Posted 9:21 AM 8/30/2012 : Tucson's faith community offers help for people with mental illnesses
TUCSON- It has been a violent summer across our country. From a deadly movie massacre in Aurora, Colorado, to a shooting at a Sikh temple in Oak Creek, Wisconsin, we've seen a string of deadly shooting rampages in places we always thought we'd be safe.
After each incident, one of the first questions people have is if a mental illness pushed the shooters over the edge.
Whether or not that's the case, the question has sparked an effort in Tucson to get people help before it's too late. "We are never going to be able to predict and prevent every outburst of violence," says Dr. Paul Duckro of the Roman Catholic Diocese of Tucson.
But Dr. Duckro says the faith community in particular can help. "It's a very important group to reach because persons with mental illnesses very frequently come first to a church," Dr. Duckro says.
This month Tucson's Interfaith Community Services started handing out a mental illness resource kit to local faith communities. So far ICS has reached about 300.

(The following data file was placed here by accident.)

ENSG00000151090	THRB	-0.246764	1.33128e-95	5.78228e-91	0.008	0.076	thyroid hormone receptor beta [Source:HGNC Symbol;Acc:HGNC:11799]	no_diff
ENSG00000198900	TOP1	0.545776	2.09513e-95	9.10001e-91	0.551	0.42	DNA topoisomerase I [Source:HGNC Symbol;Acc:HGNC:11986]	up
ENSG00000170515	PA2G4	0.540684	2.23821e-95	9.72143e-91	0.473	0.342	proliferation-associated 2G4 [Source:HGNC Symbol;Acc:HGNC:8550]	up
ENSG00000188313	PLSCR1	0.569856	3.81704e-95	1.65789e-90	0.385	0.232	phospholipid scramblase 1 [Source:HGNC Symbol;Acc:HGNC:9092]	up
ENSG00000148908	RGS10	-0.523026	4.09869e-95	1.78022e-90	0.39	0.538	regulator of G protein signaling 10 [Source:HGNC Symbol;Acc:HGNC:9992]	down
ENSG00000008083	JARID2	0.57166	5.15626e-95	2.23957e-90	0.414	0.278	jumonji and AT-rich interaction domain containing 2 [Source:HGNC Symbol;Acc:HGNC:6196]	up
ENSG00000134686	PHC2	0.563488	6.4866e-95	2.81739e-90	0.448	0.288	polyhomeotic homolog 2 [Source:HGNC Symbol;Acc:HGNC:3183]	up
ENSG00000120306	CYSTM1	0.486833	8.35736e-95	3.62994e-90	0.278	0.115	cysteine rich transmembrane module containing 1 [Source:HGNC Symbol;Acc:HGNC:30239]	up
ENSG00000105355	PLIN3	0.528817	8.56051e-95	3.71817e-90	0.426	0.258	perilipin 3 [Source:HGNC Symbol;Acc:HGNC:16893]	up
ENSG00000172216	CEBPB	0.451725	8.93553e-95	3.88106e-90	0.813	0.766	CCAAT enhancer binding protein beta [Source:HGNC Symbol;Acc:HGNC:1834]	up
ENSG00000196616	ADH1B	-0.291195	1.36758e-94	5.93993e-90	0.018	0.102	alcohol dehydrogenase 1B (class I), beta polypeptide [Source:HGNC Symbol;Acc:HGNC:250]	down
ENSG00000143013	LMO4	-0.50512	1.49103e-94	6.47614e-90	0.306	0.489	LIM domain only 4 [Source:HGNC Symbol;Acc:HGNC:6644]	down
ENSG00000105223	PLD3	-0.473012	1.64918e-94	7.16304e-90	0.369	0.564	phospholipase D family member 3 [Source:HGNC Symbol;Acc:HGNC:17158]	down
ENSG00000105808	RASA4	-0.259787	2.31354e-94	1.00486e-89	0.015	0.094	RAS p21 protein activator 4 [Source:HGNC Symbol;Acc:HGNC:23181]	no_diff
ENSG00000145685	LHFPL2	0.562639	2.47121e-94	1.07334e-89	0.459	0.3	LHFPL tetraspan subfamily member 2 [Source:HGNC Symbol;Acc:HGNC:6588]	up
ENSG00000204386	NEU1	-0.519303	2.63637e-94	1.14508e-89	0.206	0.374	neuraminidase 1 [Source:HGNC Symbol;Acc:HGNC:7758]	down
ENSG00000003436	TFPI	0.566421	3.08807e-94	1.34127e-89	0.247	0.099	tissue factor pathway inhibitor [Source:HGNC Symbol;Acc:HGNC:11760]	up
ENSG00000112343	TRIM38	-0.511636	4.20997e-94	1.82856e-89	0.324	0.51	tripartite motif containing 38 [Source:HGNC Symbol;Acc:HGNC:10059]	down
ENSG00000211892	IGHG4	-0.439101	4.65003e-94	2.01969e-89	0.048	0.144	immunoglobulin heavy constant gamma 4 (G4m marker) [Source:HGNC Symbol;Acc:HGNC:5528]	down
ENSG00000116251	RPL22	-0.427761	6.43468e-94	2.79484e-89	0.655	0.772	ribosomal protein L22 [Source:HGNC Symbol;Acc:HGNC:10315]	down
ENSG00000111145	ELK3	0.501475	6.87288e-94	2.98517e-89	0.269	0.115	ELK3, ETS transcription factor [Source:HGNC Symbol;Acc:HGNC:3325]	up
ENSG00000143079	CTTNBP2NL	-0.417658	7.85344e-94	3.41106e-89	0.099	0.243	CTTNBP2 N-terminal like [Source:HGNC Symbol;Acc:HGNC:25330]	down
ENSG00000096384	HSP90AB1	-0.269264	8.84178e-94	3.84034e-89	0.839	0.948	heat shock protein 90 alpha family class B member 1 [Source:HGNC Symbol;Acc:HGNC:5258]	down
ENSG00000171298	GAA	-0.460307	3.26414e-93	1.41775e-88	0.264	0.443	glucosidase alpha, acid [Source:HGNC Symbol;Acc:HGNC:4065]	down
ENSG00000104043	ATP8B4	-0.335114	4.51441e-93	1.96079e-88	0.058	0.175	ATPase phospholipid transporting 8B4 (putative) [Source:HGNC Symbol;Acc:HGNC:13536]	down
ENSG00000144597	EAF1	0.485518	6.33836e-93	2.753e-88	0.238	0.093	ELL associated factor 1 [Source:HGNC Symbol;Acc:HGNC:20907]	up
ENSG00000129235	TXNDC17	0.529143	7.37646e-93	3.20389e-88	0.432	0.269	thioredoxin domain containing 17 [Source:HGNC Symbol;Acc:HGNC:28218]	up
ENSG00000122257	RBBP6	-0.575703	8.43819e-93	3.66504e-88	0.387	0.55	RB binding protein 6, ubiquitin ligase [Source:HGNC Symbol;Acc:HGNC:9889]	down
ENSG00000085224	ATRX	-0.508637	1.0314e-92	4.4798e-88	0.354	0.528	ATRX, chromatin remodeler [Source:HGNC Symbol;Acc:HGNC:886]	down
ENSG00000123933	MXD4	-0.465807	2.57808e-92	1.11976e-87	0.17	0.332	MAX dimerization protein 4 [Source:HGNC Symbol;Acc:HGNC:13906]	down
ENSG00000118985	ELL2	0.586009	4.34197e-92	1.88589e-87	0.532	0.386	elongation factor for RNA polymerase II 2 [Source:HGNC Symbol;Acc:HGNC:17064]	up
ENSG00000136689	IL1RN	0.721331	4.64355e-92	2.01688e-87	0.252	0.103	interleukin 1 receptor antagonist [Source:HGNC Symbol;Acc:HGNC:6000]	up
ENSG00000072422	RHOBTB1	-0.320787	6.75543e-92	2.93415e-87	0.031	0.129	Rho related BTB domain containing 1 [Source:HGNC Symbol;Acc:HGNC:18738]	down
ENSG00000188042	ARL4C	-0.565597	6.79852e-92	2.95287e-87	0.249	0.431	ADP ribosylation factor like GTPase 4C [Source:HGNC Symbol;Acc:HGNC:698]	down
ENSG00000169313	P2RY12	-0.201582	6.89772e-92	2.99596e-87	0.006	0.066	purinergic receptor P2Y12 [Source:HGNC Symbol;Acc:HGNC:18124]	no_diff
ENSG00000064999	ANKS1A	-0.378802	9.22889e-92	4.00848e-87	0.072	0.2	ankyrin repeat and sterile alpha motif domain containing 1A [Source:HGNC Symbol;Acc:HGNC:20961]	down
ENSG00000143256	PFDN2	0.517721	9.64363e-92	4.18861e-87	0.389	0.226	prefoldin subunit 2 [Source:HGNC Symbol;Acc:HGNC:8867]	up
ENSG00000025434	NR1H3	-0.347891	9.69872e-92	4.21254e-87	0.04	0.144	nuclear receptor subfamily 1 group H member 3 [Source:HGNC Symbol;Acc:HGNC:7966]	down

The kit has information about mental illnesses, as well as where people can go to get help. "When a person has someone in their office, this may be the only time they're going to be able to reach them and if they don't get the right answer the person may go away," Dr. Duckro says.
He says in most cases, people with mental illnesses don't pose a danger to the community, rather themselves. "They have suicidal thoughts," Duckro says.
He says the key is to avoid the stigma associated with mental illnesses, so people feel comfortable getting help. "The more we are able to be aware and knowledgeable about what we are seeing, the more likely we are to pick up on a problem early," Duckro says.
The resource kit is one of several programs ICS is putting in place to follow-up on its conference, "Faith Communities & Mental Illness: Tools for Response and Care," which took place last April.
Arizona and Phoenix. ICS will also present a Lunch and Learn series on October 11, titled "Mental Illness Awareness: Becoming a Welcoming Community."
For additional information visit the ICS website at www.icstucson.org or call 520.297.2738 ext. 233.
Here is a link to the mental illness resource kit:
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